I had some extra bags of seeds after the training, so I went to a nearby government school where the teachers and students had asked me to give a mushroom training. All the students brought straw from home, and over two days I taught the 6th, 7th, and 8th graders about mushroom nutrition and growing. Together, we made 23 colonies. Not all the kids were interested, but a fair number were determined to do every step of the process. The school will use the proceeds from the sale of the mushrooms to fund a class trip.
Each student brought a bag of straw that they'd precut
Washing the straw
Steaming the straw
My enthusiastic teacher-helpers
I spent much of the next few weeks running around between the mushroom groups and giving any assistance I could. In total, the women produced over 350 bags of mushrooms, which could generate up to USD $2,000 worth of mushrooms in just two months.
We constructed a “mushroom cultivation center” in the village bazaar, which we hope will be a model for good mushroom cultivation practice for the collectives. If desired, the center operators can experiment with different mushroom varieties and growing conditions to diversify and optimize production. Following harvest, the center will serve as a platform for advertising and sale of the mushrooms. Finally, as the capacity and output of the collectives grow, we hope to convert it into a collection center, where the various mushroom producers can amass the mushrooms for transport to a larger bazaar nearby, where the demand and price for mushrooms is even greater.
Putting up the frame of the mushroom house
Using local resources
We also built this mushroom house, using money from the grant.
Not every group constructed a mushroom house, but we're making do (although the setup below is pretty absurd.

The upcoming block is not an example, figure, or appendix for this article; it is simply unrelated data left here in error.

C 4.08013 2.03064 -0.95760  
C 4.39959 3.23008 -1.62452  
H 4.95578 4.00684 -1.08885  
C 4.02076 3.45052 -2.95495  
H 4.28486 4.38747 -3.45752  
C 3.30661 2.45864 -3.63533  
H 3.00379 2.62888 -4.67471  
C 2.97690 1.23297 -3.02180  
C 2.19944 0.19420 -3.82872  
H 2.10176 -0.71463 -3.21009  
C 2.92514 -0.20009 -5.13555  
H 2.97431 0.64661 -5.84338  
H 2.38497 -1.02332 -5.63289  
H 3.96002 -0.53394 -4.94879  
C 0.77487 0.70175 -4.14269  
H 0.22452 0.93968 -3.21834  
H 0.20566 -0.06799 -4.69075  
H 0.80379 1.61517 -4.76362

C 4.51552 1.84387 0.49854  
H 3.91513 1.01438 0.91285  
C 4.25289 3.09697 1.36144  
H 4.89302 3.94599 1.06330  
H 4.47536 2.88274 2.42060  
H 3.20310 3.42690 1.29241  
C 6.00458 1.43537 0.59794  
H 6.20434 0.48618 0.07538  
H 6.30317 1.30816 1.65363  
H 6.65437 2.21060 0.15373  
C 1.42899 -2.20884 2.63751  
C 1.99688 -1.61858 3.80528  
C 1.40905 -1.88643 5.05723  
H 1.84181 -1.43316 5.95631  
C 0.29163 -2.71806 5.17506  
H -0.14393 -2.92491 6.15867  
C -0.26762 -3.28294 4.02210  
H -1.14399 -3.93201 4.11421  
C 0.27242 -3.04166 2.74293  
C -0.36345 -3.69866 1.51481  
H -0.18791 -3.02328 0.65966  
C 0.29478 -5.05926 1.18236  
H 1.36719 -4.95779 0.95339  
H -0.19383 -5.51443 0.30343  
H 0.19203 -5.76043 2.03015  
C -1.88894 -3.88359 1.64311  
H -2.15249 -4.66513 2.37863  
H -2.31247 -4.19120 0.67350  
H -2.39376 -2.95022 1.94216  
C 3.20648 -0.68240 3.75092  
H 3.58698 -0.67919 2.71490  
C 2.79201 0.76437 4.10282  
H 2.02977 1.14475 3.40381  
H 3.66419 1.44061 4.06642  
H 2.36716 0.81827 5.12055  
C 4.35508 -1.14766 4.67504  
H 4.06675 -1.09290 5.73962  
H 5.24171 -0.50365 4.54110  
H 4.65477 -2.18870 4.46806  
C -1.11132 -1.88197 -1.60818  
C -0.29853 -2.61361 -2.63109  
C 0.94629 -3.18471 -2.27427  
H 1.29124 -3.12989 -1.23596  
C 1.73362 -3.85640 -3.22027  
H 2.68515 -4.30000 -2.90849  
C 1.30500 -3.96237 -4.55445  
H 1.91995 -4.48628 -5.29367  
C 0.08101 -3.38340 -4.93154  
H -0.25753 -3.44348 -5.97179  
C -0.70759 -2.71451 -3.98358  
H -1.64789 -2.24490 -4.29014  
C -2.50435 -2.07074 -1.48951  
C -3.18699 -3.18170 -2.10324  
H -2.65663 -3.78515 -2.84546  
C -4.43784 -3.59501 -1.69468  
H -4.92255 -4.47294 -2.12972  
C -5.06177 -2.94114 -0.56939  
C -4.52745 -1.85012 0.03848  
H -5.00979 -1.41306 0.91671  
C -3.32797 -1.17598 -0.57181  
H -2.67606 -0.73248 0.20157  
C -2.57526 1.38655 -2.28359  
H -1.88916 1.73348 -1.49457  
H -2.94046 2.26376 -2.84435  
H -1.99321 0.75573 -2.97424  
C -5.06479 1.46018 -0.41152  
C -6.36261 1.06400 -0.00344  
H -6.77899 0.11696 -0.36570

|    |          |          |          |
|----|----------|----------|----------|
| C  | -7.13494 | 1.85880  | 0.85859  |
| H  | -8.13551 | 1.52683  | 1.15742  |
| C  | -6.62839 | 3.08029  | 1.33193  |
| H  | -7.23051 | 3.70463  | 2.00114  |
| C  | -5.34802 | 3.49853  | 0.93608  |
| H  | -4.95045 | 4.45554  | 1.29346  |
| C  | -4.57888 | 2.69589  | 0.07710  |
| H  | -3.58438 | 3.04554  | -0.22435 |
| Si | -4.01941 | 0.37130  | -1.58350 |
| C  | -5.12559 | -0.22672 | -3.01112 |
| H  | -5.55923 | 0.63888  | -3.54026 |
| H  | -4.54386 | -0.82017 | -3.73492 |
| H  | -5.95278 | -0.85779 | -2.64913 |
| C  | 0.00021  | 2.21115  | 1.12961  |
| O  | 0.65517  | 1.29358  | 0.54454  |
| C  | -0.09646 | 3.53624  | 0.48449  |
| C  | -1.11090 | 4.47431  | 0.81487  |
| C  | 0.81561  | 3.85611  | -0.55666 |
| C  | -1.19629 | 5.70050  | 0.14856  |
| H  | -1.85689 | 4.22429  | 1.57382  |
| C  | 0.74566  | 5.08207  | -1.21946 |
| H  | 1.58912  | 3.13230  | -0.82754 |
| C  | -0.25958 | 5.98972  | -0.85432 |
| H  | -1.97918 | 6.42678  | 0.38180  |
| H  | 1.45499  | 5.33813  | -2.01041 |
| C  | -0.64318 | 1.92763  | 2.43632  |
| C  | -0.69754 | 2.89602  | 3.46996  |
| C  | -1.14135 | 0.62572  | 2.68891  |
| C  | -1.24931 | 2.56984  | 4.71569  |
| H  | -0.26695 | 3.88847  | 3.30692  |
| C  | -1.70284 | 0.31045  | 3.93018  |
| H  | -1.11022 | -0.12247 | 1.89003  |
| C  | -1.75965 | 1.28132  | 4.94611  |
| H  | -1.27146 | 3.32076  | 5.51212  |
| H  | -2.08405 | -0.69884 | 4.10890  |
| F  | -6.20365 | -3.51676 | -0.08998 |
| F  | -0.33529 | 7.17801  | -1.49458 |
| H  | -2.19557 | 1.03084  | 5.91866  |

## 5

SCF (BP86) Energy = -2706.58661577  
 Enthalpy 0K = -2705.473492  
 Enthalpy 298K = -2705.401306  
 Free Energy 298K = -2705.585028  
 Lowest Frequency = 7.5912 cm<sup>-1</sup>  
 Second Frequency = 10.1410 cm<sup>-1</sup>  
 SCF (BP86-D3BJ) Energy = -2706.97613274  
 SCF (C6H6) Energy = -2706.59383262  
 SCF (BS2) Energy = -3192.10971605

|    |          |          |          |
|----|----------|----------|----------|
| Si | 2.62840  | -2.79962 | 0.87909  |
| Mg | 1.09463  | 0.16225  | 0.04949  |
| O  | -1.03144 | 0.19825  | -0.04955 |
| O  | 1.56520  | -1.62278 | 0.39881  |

I’ve also met and fostered a working relationship with a guy from a nearby village who spent three months doing mushroom production in Kathmandu. He’s made about USD $1,000 (which is more than the average annual household income, in my village) just from growing mushrooms these past four months.
He seems to have been successful at producing his own mushroom spawn, which could be huge for the women's groups.
Lately, he too has been visiting the collectives to give advice to the women.
A few weeks later, the collectives began harvesting the mushrooms to sell locally and in the nearby bazaar. The women are tracking the sales of the mushrooms, setting aside a portion of the profits to purchase materials for the following year and dividing the remainder amongst the collective members.
One of the groups brought a basket of their mushrooms (about 12 kilos in all) to our weekly farmers' market, which they sold out.
The mushroom colony above won first prize in our category.
So what if it was the only entry. The women were thrilled.
Because fresh mushrooms spoil quickly, in the coming months I’m hoping to train the women on how to construct simple solar dryers. Drying the mushrooms in this way will enable them to preserve the mushrooms for later sale or consumption, with minimal loss of nutrition. So far one of the groups has built a solar dryer, and I'm experimenting with the drying protocol.
This only took me 10 hours to build!
At this point, all the collectives intend to continue production in the future, and several are already discussing constructing mushroom houses for next year. “Mushrooms are healthier and cheaper than meat,” boasted one of the women in an effort to sell the mushrooms to another villager. “It’s much less work than rice farming, and you can earn much more money,” commented another. As mushroom farming continues to spread, its nutritive and financial benefits will benefit the growing population of Nepalis involved in their cultivation, sale, and consumption, and the women running the collectives will be ever more empowered. In the words of one of the women, “This is money that we will have earned ourselves, for us to use as we like.”